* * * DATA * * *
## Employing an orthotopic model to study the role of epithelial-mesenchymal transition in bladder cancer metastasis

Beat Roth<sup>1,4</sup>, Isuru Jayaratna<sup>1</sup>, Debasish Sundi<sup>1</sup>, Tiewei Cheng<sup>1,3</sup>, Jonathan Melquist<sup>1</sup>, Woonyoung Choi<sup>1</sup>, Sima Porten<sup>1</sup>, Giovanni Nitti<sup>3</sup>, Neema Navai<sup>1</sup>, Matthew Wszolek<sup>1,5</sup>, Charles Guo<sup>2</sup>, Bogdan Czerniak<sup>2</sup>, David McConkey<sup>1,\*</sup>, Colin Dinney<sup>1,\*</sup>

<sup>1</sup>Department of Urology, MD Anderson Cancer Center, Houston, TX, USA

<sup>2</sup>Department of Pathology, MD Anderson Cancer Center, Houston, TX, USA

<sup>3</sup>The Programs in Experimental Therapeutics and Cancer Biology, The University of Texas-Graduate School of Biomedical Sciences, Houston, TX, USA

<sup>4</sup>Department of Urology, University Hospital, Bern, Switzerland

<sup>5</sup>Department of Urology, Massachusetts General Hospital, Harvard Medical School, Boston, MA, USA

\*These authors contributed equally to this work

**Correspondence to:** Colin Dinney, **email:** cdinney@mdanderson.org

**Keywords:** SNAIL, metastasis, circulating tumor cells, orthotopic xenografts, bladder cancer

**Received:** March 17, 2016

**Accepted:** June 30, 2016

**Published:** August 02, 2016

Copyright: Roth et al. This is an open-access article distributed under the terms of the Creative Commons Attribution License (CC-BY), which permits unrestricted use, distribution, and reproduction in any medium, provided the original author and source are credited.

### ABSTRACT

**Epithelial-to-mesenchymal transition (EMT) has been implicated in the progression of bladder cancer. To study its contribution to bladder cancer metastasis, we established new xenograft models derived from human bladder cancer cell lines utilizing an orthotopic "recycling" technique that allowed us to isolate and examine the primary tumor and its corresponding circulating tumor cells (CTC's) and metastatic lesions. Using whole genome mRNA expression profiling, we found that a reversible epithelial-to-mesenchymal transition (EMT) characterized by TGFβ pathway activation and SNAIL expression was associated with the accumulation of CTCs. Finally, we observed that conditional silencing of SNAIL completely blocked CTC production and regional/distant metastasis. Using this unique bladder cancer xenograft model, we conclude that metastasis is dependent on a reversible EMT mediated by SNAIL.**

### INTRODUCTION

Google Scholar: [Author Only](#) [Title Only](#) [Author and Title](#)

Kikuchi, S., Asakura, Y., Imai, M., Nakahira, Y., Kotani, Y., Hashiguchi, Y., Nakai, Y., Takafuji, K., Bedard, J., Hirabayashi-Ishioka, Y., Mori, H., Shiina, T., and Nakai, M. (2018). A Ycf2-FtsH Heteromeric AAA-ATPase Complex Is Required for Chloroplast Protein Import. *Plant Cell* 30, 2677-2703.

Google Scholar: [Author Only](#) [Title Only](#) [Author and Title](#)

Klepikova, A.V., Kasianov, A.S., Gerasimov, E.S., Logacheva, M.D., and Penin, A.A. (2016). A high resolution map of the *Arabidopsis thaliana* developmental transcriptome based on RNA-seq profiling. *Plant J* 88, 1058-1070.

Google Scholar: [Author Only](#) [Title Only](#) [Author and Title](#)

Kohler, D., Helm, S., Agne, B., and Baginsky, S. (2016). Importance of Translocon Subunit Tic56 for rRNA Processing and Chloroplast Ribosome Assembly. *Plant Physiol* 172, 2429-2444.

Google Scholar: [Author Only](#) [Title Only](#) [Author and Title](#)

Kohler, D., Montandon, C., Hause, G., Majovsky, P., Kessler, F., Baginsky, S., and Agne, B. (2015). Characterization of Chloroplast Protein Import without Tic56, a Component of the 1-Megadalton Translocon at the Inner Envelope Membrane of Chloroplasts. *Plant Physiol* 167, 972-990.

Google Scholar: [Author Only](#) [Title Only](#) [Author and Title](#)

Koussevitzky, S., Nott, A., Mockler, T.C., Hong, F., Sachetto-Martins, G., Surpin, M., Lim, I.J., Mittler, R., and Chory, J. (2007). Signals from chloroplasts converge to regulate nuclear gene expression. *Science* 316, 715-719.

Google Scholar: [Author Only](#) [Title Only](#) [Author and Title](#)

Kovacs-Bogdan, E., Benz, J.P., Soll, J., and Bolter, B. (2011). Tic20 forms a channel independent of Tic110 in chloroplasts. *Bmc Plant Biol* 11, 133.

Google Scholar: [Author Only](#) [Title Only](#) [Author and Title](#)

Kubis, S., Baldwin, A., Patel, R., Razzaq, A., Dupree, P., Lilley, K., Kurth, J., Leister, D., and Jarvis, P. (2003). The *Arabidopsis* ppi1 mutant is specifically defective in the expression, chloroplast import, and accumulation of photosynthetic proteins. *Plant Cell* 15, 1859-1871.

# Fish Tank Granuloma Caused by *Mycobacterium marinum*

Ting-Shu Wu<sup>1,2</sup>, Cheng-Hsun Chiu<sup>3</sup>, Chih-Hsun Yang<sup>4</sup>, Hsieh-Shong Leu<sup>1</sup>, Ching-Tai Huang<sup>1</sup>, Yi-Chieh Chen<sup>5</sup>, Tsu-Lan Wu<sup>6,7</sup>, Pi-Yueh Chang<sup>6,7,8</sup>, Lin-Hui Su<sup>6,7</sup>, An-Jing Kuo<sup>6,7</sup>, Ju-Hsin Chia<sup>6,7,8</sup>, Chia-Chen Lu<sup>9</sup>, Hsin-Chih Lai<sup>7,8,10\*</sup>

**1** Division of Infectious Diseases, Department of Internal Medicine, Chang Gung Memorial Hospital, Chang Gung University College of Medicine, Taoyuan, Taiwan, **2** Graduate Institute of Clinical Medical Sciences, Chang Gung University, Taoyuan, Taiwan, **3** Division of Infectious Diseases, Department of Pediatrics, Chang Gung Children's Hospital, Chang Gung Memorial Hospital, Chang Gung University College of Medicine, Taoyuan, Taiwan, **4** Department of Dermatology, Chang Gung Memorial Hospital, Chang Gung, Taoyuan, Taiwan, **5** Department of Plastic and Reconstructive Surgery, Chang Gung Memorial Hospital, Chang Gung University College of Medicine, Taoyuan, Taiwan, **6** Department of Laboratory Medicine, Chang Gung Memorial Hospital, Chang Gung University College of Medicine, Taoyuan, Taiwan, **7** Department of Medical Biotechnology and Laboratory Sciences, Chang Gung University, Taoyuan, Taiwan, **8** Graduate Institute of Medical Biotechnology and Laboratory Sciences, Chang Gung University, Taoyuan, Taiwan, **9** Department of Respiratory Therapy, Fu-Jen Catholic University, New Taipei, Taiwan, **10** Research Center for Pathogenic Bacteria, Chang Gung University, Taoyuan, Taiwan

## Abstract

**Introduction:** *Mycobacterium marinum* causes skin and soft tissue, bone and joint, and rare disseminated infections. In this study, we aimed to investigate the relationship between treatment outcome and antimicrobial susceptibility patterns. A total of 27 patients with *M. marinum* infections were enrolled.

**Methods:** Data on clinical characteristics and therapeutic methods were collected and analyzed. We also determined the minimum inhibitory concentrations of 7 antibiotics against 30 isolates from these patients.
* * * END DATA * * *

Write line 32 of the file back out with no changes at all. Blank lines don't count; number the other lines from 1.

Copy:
# Fish Tank Granuloma Caused by *Mycobacterium marinum*